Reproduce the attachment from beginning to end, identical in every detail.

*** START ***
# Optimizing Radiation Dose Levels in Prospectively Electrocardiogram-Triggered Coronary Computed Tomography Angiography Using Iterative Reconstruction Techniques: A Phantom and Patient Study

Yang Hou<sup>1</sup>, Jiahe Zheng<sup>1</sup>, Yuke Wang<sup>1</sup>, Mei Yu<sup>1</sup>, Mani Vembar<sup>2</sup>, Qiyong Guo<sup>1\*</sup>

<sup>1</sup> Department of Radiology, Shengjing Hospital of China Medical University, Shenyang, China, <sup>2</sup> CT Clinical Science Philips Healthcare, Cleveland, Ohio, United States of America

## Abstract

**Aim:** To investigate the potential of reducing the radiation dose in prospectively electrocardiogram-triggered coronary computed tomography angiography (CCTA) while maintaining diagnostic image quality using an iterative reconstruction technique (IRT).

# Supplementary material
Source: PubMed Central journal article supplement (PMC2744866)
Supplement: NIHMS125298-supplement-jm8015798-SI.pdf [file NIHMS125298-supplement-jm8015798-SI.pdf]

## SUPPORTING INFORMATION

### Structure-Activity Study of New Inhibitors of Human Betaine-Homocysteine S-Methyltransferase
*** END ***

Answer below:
# Optimizing Radiation Dose Levels in Prospectively Electrocardiogram-Triggered Coronary Computed Tomography Angiography Using Iterative Reconstruction Techniques: A Phantom and Patient Study

Yang Hou<sup>1</sup>, Jiahe Zheng<sup>1</sup>, Yuke Wang<sup>1</sup>, Mei Yu<sup>1</sup>, Mani Vembar<sup>2</sup>, Qiyong Guo<sup>1\*</sup>

<sup>1</sup> Department of Radiology, Shengjing Hospital of China Medical University, Shenyang, China, <sup>2</sup> CT Clinical Science Philips Healthcare, Cleveland, Ohio, United States of America

## Abstract

**Aim:** To investigate the potential of reducing the radiation dose in prospectively electrocardiogram-triggered coronary computed tomography angiography (CCTA) while maintaining diagnostic image quality using an iterative reconstruction technique (IRT).

# Supplementary material
Source: PubMed Central journal article supplement (PMC2744866)
Supplement: NIHMS125298-supplement-jm8015798-SI.pdf [file NIHMS125298-supplement-jm8015798-SI.pdf]

## SUPPORTING INFORMATION

### Structure-Activity Study of New Inhibitors of Human Betaine-Homocysteine S-Methyltransferase